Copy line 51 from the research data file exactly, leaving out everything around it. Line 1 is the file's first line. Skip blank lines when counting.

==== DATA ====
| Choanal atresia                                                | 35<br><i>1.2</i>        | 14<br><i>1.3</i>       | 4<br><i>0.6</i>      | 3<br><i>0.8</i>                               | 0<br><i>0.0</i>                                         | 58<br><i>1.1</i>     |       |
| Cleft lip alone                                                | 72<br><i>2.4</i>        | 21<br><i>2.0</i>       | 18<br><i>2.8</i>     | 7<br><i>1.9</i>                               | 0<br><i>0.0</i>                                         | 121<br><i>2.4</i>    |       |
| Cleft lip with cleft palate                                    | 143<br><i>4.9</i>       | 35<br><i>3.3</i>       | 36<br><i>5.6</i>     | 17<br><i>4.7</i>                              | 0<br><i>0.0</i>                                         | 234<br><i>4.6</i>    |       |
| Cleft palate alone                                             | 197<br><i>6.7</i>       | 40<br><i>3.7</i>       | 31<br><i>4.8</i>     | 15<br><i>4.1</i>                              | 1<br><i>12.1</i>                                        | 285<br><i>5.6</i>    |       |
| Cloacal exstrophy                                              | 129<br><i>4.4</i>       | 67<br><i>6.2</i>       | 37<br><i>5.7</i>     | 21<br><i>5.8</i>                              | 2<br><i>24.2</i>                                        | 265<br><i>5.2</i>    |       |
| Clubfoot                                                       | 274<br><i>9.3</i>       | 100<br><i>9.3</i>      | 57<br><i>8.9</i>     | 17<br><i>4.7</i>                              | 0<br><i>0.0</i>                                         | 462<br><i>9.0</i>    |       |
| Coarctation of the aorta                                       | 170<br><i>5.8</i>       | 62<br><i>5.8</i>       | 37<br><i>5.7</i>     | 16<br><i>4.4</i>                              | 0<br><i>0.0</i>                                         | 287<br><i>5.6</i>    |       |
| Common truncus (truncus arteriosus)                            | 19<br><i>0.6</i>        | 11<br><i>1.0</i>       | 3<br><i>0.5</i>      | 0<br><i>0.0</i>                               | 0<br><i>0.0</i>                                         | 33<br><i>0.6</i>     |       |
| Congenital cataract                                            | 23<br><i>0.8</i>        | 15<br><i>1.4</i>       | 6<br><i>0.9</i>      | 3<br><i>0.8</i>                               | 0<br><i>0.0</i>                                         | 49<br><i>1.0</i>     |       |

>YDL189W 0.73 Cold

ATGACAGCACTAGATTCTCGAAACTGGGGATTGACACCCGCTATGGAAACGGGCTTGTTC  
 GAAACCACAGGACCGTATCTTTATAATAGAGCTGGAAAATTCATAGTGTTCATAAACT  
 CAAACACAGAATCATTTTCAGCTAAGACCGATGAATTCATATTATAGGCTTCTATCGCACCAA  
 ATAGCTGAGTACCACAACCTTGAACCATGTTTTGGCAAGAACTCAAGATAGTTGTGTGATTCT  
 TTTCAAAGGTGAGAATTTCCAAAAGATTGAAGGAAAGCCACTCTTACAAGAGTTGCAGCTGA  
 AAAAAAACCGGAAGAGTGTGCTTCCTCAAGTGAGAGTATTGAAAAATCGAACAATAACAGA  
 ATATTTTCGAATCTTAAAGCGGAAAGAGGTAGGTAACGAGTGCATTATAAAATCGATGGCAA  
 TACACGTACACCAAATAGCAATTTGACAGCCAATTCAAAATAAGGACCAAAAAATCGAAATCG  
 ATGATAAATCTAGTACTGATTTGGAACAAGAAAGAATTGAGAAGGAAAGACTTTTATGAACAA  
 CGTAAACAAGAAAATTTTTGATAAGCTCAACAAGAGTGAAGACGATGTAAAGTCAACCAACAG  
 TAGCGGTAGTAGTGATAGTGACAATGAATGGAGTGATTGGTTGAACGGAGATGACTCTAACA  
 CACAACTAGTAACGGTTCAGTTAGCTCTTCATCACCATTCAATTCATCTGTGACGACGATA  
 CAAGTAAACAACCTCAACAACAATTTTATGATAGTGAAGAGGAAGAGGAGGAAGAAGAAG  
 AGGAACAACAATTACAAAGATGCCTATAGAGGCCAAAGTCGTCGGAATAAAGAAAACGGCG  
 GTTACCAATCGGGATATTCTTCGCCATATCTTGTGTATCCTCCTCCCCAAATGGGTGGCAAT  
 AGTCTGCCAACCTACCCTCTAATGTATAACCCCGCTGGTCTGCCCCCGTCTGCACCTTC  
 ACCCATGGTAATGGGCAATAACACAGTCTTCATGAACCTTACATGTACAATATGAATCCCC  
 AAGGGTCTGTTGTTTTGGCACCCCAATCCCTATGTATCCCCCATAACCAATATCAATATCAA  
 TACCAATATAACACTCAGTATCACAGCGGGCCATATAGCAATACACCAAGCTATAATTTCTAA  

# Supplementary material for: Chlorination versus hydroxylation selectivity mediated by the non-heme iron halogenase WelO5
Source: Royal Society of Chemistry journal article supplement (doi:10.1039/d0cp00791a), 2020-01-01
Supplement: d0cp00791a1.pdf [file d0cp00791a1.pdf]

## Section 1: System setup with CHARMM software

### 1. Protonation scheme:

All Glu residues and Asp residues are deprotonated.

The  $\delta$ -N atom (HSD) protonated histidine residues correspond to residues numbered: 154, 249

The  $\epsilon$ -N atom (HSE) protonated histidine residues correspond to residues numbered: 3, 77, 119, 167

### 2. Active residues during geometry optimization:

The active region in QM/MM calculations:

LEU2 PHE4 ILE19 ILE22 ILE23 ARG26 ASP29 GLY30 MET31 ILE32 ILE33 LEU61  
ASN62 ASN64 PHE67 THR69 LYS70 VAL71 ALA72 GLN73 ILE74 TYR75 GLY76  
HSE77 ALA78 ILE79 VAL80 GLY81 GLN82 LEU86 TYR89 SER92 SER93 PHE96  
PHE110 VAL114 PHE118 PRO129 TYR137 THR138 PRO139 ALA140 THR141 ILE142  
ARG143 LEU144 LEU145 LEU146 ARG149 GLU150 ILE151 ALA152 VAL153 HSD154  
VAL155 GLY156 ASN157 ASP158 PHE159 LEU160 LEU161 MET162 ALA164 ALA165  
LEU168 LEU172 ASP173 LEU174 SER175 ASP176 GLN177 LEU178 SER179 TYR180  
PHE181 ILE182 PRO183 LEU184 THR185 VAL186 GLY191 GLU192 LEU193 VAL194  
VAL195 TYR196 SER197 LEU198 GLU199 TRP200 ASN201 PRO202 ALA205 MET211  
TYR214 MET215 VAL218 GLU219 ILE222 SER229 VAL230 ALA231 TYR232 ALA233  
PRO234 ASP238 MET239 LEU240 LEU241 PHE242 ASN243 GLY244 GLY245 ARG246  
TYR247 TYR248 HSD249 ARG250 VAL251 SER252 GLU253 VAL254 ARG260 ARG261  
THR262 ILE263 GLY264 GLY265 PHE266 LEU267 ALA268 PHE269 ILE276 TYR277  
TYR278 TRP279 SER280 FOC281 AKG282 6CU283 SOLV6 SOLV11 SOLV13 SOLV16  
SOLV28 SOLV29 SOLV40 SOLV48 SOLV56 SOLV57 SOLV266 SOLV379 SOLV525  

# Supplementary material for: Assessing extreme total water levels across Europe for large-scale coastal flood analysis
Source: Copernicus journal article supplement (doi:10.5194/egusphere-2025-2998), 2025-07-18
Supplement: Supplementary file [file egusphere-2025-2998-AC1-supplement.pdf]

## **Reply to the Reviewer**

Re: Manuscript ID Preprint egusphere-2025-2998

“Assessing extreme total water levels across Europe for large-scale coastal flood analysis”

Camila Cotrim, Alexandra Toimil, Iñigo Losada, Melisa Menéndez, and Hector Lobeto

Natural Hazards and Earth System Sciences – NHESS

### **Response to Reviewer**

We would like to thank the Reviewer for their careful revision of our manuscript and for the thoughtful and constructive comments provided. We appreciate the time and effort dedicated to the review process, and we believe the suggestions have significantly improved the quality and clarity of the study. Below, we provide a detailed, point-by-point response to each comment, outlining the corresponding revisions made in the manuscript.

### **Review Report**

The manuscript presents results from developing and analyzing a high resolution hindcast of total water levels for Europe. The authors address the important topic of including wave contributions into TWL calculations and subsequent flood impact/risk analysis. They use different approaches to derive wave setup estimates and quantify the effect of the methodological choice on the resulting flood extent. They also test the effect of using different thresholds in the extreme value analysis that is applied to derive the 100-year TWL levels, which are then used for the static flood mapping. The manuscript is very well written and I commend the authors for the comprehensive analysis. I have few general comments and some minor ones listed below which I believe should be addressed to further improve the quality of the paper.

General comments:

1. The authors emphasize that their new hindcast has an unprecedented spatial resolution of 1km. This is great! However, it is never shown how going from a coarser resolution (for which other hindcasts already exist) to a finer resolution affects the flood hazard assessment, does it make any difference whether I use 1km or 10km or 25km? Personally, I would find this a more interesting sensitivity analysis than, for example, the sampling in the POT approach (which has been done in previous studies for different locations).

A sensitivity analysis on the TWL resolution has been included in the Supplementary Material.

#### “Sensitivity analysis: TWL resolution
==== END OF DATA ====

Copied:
TYR247 TYR248 HSD249 ARG250 VAL251 SER252 GLU253 VAL254 ARG260 ARG261  